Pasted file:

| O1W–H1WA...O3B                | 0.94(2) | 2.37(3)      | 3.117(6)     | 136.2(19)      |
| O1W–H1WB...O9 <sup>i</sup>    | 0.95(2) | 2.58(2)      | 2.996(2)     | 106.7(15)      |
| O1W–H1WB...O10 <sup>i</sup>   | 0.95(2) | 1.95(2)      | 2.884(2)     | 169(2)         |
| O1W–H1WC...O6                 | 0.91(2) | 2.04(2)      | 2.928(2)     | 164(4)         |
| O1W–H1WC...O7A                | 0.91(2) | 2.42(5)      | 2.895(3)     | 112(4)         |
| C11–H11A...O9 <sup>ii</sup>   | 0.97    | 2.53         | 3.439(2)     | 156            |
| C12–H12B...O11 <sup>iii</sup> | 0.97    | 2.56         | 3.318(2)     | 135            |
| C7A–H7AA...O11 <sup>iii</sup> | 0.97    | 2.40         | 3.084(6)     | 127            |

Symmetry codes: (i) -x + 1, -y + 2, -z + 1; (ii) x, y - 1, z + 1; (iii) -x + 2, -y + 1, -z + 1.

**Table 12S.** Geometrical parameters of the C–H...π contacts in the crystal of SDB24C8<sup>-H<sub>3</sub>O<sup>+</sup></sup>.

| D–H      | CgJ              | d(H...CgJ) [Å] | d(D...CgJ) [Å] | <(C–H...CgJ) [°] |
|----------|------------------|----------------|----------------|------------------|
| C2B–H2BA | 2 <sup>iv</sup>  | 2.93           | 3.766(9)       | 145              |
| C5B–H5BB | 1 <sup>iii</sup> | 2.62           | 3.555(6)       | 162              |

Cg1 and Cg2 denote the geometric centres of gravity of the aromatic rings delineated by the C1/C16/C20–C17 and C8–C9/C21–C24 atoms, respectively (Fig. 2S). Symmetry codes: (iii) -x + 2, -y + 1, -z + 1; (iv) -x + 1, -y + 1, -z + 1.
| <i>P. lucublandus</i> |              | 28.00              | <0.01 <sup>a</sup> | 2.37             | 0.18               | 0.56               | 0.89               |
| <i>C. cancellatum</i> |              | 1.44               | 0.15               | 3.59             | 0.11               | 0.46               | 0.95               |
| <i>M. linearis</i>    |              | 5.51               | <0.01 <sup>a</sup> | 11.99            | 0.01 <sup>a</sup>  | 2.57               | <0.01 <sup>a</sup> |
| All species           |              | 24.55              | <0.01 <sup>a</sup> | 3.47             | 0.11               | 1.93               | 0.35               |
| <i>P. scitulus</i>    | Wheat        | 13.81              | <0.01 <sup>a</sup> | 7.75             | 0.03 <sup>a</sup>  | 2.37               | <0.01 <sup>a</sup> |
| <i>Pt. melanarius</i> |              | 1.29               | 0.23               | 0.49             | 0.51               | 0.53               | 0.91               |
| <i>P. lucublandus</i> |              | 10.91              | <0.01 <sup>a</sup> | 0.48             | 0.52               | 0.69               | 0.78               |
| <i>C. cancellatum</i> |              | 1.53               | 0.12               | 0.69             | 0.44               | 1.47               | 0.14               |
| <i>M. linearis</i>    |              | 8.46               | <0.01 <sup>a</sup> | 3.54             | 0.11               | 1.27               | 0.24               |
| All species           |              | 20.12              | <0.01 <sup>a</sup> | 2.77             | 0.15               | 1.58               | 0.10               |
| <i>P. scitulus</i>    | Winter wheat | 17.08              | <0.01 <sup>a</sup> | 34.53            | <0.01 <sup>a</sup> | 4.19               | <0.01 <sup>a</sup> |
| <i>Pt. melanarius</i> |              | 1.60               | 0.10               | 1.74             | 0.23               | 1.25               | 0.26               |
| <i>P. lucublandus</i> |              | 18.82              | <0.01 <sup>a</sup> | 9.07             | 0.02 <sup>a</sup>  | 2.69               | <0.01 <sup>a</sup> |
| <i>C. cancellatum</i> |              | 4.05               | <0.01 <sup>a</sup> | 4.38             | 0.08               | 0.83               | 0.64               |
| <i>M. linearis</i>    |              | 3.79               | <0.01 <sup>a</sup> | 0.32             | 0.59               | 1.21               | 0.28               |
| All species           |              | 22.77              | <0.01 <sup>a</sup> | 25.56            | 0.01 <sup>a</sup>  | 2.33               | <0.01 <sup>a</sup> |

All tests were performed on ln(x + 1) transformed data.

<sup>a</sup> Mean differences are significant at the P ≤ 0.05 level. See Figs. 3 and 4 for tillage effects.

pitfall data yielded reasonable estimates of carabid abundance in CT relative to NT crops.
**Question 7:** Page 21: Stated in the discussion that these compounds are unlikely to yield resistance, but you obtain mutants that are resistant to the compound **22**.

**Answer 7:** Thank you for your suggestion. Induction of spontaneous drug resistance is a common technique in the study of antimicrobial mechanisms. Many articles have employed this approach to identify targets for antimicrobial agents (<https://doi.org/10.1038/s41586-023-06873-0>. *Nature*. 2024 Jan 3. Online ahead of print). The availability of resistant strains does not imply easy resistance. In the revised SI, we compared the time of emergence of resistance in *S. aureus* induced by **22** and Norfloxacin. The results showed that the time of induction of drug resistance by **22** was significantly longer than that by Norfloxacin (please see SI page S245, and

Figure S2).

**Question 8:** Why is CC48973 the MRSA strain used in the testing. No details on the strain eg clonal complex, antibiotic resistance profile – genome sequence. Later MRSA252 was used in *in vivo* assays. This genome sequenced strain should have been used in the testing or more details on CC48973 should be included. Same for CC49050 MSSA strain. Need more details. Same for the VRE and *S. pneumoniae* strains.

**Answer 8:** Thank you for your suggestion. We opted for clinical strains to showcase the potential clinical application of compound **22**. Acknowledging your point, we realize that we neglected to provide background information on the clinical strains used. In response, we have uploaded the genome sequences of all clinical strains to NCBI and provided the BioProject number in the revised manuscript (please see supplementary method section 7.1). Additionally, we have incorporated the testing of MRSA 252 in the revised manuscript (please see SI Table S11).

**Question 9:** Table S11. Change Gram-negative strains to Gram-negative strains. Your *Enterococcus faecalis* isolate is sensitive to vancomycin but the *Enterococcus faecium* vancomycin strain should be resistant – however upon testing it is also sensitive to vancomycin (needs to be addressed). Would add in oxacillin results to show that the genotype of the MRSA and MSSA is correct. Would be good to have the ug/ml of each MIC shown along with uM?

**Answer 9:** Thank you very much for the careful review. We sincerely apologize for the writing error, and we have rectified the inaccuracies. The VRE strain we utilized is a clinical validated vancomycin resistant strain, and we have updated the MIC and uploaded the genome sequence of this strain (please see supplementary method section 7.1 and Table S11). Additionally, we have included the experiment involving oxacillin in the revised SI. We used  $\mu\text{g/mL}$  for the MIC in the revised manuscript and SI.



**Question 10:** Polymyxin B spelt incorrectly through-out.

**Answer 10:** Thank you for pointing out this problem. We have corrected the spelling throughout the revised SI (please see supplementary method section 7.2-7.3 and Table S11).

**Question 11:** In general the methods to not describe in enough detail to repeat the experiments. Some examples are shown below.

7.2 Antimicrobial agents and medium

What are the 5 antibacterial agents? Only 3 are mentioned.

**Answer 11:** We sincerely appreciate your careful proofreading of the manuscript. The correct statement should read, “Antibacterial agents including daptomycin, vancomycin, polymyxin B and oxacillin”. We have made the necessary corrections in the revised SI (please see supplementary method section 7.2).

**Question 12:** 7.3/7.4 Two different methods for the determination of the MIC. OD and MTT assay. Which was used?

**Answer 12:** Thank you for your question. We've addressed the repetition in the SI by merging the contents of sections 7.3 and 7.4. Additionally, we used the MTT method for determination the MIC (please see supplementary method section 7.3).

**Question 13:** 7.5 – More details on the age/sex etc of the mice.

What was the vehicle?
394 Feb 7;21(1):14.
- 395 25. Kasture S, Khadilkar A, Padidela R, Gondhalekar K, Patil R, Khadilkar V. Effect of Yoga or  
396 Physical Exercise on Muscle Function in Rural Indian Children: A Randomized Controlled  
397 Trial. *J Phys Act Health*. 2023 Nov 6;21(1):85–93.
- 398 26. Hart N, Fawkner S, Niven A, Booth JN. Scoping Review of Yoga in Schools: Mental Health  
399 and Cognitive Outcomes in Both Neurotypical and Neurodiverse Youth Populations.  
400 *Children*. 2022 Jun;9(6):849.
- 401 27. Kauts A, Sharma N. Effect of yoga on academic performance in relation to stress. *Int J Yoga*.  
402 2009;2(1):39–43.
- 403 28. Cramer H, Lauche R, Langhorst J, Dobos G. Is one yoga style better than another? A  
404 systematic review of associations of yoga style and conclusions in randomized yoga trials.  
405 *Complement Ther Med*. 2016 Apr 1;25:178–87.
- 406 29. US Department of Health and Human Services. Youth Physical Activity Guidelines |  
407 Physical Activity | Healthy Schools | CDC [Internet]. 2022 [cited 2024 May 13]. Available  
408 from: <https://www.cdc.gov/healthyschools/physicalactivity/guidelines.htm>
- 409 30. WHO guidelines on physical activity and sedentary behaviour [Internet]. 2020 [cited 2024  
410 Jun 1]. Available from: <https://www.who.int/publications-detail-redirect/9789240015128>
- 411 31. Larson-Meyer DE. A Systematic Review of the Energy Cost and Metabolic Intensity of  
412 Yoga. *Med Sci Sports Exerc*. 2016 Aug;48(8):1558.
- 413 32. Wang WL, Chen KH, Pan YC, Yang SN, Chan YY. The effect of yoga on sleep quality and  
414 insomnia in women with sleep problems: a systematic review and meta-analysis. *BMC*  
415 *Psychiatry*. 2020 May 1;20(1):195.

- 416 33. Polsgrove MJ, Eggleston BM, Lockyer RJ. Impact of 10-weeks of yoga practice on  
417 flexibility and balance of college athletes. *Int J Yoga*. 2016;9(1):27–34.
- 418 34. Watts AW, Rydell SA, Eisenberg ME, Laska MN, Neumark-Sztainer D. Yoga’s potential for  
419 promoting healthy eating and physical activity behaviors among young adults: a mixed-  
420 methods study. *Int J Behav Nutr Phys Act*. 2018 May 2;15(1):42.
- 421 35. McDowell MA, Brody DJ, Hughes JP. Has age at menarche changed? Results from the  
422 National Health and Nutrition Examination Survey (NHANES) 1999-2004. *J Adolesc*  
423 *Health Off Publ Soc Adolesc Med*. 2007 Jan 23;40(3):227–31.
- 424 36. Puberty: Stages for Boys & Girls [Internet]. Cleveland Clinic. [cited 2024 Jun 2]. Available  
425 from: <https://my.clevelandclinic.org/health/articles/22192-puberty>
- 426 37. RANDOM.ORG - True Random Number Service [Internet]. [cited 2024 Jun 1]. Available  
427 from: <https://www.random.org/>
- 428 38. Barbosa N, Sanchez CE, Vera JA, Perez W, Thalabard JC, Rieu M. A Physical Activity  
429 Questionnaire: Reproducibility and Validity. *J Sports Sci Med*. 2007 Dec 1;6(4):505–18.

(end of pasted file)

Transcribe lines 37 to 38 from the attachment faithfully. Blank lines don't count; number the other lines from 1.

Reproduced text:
Figure S2).

**Question 8:** Why is CC48973 the MRSA strain used in the testing. No details on the strain eg clonal complex, antibiotic resistance profile – genome sequence. Later MRSA252 was used in *in vivo* assays. This genome sequenced strain should have been used in the testing or more details on CC48973 should be included. Same for CC49050 MSSA strain. Need more details. Same for the VRE and *S. pneumoniae* strains.